If you've never owned a property with a well or a septic system, where do you learn healthy ways to maintain them? If you're looking for information about managing your woodlot, about living with wildlife, about altering your shoreline or about starting up a small farm, we've done the research for you. If you want to talk to someone who has an understanding about specific local issues, then click on the link below for 'Who Can You Call for Help?'

    "/> ? <div id='columnMain'>Videos </div> <div id='columnSide'> <h2>Related Pages</h2> <ul><li><a href='/static/Protocols' onclick="loadPage('Protocols');return false;">Publications</a></li><li class='selected'><a href='/static/Videos' onclick="loadPage('Videos');return false;">Videos</a></li></ul><h3>Have a Property in Rural Ontario?</h3> <p>Nature In Deed® is a portal to a wide range of information and resources about living in a rural environment. You'll find links to people and resource agencies who can provide information on just about any property-related question you may have.</p> <p>If you've never owned a property with a well or a septic system, where do you learn healthy ways to maintain them? If you're looking for information about managing your woodlot, about living with wildlife, about altering your shoreline or about starting up a small farm, we've done the research for you. If you want to talk to someone who has an understanding about specific local issues, then click on the link below for 'Who Can You Call for Help?'</p> </div>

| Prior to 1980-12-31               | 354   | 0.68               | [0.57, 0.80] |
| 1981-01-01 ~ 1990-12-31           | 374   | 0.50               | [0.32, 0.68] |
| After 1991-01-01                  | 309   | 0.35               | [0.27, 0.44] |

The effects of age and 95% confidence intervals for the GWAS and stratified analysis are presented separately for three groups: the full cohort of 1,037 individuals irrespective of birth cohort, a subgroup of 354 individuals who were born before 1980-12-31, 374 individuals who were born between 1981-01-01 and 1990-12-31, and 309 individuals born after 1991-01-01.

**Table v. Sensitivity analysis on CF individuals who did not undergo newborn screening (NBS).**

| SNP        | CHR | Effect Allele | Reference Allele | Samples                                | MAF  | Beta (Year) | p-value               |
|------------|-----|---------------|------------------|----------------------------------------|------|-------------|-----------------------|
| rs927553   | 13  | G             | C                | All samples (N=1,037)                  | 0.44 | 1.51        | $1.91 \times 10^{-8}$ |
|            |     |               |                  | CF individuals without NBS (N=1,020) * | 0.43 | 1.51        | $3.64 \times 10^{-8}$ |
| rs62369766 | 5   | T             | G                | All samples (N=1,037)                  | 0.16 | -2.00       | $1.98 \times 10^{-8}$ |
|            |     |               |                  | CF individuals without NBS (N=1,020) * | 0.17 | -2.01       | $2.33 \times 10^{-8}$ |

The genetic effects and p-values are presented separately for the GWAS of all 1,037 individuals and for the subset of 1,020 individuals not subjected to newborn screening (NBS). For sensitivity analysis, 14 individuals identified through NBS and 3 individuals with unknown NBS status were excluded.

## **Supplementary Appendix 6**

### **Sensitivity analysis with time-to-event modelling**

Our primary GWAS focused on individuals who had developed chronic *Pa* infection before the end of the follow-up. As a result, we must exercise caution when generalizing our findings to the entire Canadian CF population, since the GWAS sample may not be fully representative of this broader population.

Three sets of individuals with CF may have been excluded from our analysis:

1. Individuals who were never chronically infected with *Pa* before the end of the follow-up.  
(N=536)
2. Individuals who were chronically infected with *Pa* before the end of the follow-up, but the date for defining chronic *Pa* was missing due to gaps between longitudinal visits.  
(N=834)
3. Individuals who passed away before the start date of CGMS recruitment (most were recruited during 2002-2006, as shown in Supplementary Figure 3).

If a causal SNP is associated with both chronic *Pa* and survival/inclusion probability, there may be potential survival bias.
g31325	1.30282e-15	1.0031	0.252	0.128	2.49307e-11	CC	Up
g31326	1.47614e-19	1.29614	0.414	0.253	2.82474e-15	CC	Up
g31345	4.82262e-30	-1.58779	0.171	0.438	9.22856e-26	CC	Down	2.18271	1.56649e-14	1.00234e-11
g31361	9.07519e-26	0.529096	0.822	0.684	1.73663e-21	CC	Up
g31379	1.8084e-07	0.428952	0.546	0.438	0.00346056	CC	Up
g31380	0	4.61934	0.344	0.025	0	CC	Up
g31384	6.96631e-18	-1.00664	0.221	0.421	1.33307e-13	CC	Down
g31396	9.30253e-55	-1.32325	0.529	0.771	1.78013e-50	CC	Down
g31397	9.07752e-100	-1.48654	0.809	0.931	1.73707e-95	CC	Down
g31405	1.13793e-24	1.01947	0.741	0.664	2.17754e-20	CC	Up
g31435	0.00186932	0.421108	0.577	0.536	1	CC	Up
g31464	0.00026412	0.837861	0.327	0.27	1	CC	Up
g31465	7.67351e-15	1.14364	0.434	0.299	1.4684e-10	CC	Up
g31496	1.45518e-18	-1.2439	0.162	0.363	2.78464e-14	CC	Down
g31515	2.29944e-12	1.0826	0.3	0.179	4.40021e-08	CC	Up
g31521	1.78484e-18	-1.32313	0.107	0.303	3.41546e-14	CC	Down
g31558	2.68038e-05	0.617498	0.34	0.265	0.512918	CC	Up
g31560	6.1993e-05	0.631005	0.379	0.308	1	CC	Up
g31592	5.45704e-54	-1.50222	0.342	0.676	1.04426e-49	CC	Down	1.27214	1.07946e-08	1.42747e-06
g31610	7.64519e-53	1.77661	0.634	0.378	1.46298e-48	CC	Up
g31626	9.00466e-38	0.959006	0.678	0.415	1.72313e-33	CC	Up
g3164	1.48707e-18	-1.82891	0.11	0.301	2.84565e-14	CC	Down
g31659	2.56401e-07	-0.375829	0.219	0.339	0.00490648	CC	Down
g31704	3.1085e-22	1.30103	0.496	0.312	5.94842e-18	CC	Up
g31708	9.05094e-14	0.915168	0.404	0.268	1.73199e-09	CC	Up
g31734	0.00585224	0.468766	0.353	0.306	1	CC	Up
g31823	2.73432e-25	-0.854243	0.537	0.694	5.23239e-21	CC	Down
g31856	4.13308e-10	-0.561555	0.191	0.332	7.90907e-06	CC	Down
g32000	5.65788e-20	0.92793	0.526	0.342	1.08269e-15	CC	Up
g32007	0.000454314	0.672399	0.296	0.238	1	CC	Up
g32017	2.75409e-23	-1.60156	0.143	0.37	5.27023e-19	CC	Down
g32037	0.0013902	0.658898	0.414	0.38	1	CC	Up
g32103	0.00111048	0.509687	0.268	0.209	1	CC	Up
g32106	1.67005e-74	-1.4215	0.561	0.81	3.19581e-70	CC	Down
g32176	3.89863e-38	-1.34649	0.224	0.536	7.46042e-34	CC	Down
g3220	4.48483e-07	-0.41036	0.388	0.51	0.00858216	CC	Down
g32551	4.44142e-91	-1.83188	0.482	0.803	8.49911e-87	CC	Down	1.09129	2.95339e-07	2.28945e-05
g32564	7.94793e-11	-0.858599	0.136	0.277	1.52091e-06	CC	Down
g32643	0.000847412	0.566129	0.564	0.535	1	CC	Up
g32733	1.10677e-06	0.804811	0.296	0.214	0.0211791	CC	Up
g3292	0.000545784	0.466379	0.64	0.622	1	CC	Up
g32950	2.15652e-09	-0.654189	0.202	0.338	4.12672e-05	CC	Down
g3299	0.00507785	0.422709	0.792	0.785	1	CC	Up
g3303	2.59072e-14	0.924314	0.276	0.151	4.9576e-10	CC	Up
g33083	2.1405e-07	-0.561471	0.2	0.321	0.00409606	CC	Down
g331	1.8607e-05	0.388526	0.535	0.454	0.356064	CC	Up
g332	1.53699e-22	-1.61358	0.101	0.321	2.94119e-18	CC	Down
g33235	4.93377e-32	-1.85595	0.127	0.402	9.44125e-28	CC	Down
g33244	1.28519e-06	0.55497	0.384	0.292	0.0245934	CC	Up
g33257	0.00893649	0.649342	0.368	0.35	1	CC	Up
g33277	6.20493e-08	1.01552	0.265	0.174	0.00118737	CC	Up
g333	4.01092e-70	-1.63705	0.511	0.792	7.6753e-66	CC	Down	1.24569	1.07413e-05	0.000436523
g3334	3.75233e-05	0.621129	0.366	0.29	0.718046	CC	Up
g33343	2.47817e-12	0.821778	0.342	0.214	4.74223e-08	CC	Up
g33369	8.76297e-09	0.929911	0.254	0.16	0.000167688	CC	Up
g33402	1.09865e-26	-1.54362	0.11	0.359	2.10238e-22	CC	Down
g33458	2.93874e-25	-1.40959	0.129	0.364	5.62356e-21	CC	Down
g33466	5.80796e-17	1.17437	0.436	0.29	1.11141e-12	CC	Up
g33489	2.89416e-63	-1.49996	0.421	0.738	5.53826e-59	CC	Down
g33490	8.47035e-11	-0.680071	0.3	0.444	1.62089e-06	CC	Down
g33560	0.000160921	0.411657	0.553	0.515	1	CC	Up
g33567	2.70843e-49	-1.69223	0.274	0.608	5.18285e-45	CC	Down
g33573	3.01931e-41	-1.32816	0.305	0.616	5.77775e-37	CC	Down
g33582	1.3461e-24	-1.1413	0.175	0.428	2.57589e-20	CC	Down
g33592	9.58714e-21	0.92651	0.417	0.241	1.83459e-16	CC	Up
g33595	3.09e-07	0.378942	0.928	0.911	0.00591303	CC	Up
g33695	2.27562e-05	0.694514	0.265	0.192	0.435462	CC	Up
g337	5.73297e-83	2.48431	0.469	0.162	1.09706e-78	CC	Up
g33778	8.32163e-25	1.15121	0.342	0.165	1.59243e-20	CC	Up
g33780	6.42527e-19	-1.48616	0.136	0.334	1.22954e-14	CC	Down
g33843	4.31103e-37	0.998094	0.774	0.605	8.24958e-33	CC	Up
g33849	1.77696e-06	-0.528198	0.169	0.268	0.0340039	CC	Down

Nature In Deed

    Walleye Spawning Bed Enhancement in Ontario

    The objective of this project was to increase spawning productivity and natural walleye populations of Dalhousie Lake by adding substrate and structure to existing and new spawning areas.

    Walleye, also known as pickerel, are a highly prized sports fish and an important part of the biodiversity in many waters of Ontario. If you have walleye in your lake or river, you may be able to help strengthen their populations by enhancing walleye spawning beds.

    Tons of oversized cobble stone were used to rehabilitate the spawning beds. In order to minimize effects on lake levels and river flows only one layer of rock was placed on the bottom. 

    This "how to" video features three different spawning bed projects undertaken by the Lanark County Stewardship Council in partnership with the Lanark County Stewardship Council in partnership with the Lanark Fish and Game Conservation Club, Mississippi Valley Conservation Authority, Dalhousie Lake Association and Watersheds Canada.

    Spawning bed project